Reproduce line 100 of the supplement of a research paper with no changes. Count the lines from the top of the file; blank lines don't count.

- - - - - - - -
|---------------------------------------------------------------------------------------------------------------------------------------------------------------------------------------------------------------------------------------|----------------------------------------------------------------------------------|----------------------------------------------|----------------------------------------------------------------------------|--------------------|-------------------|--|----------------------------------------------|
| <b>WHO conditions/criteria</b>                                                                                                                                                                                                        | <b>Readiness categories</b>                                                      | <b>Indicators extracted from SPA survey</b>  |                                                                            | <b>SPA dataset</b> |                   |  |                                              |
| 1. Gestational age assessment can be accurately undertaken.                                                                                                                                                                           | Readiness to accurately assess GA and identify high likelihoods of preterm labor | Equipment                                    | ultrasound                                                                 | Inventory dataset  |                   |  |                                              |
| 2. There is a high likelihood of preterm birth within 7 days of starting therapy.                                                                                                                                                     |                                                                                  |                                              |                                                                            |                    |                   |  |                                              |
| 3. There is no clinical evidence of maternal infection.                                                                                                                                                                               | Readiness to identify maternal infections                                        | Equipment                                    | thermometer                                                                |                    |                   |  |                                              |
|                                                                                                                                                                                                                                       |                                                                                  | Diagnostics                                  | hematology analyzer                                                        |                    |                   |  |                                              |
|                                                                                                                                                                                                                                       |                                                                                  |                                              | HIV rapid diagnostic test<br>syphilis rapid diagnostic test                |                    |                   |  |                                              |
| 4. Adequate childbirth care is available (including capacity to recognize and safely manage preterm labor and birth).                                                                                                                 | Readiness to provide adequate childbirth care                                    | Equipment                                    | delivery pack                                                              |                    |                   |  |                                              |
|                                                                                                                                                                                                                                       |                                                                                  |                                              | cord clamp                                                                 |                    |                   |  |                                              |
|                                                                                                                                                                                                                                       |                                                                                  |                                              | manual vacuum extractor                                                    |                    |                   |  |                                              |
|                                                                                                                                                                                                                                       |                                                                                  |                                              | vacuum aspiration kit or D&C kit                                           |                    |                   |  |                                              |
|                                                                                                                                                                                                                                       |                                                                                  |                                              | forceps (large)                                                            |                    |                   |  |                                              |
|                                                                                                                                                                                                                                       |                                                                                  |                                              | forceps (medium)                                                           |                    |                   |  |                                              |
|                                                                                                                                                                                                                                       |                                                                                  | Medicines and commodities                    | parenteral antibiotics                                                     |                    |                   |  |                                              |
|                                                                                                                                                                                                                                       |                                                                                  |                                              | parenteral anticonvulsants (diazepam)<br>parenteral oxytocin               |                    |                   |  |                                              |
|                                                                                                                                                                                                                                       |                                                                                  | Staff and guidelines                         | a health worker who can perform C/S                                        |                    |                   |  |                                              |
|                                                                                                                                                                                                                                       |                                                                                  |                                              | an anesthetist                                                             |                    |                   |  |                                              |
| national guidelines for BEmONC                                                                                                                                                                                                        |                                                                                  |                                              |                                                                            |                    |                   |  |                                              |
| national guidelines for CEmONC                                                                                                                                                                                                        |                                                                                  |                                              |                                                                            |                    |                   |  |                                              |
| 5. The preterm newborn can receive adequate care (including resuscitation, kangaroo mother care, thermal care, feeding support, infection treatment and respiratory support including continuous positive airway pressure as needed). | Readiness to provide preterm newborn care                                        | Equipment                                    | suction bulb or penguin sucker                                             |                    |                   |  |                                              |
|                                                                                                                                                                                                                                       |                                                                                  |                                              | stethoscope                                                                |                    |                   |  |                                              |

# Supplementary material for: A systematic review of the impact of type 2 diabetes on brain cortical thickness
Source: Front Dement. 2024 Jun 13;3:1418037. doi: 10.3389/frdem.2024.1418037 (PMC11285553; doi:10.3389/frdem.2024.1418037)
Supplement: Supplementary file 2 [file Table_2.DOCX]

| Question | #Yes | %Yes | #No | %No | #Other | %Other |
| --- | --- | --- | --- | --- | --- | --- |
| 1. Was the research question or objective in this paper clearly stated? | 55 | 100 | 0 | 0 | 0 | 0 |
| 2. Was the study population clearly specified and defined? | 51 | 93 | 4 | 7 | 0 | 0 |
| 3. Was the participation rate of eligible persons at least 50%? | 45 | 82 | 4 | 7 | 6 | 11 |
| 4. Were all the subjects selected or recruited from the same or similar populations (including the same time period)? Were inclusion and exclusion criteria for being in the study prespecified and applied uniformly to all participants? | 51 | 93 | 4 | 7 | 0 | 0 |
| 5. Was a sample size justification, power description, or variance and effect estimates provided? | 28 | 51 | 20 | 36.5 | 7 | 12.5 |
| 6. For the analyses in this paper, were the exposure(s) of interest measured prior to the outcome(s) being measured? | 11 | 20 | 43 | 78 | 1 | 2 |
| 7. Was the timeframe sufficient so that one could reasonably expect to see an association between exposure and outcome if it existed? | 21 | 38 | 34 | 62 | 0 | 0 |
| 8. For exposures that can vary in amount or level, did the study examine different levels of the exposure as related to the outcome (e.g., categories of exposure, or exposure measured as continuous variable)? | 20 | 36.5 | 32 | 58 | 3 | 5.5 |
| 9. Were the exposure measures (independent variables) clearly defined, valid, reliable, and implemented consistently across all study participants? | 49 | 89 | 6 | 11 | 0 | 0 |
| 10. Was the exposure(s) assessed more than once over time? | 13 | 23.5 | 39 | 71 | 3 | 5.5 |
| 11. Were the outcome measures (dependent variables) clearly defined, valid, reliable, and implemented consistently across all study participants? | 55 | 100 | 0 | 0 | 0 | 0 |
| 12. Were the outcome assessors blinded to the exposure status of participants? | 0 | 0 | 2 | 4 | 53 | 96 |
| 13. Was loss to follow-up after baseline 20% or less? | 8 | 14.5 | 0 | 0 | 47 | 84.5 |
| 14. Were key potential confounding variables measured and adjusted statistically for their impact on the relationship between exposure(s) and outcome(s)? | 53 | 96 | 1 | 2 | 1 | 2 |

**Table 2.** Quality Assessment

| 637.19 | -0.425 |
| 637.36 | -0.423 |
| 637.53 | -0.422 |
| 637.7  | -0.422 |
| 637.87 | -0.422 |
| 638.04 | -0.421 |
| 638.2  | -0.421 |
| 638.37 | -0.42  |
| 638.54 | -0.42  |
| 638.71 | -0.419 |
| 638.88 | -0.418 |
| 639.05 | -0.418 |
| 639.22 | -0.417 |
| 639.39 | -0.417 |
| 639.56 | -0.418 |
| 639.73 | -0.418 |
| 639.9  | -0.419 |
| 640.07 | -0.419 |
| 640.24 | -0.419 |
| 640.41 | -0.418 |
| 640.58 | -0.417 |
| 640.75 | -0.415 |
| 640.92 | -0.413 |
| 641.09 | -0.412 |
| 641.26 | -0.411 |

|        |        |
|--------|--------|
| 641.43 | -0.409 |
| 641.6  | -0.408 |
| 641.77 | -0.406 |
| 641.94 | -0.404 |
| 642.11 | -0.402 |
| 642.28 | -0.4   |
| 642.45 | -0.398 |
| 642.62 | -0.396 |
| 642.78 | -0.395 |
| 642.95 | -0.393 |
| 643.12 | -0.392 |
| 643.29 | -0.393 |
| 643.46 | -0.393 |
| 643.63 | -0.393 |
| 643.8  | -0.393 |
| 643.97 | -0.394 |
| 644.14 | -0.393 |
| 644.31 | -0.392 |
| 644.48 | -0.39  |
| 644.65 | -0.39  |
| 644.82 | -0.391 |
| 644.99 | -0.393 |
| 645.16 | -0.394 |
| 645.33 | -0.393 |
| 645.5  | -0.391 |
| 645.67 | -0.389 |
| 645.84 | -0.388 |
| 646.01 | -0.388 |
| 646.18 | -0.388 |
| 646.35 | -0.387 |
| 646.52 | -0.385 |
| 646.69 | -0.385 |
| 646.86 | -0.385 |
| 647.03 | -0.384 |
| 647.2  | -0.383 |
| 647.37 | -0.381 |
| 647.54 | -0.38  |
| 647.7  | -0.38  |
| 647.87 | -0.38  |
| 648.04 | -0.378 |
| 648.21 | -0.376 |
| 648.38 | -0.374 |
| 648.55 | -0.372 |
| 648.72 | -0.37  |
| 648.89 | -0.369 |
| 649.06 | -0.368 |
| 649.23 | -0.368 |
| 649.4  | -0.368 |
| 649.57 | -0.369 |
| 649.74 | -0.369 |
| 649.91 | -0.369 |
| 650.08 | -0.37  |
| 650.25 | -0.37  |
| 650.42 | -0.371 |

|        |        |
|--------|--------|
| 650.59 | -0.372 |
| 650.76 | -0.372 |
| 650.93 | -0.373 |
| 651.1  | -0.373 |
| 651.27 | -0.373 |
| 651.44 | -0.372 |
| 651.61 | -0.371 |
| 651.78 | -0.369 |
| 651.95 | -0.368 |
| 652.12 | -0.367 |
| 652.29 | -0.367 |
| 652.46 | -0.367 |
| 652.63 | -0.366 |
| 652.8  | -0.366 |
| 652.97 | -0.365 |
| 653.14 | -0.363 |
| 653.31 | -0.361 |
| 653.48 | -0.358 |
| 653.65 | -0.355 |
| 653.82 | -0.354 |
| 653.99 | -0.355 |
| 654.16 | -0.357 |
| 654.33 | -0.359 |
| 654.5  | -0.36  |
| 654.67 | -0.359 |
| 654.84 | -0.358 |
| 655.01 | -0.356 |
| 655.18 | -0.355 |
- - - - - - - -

| 646.69 | -0.385 |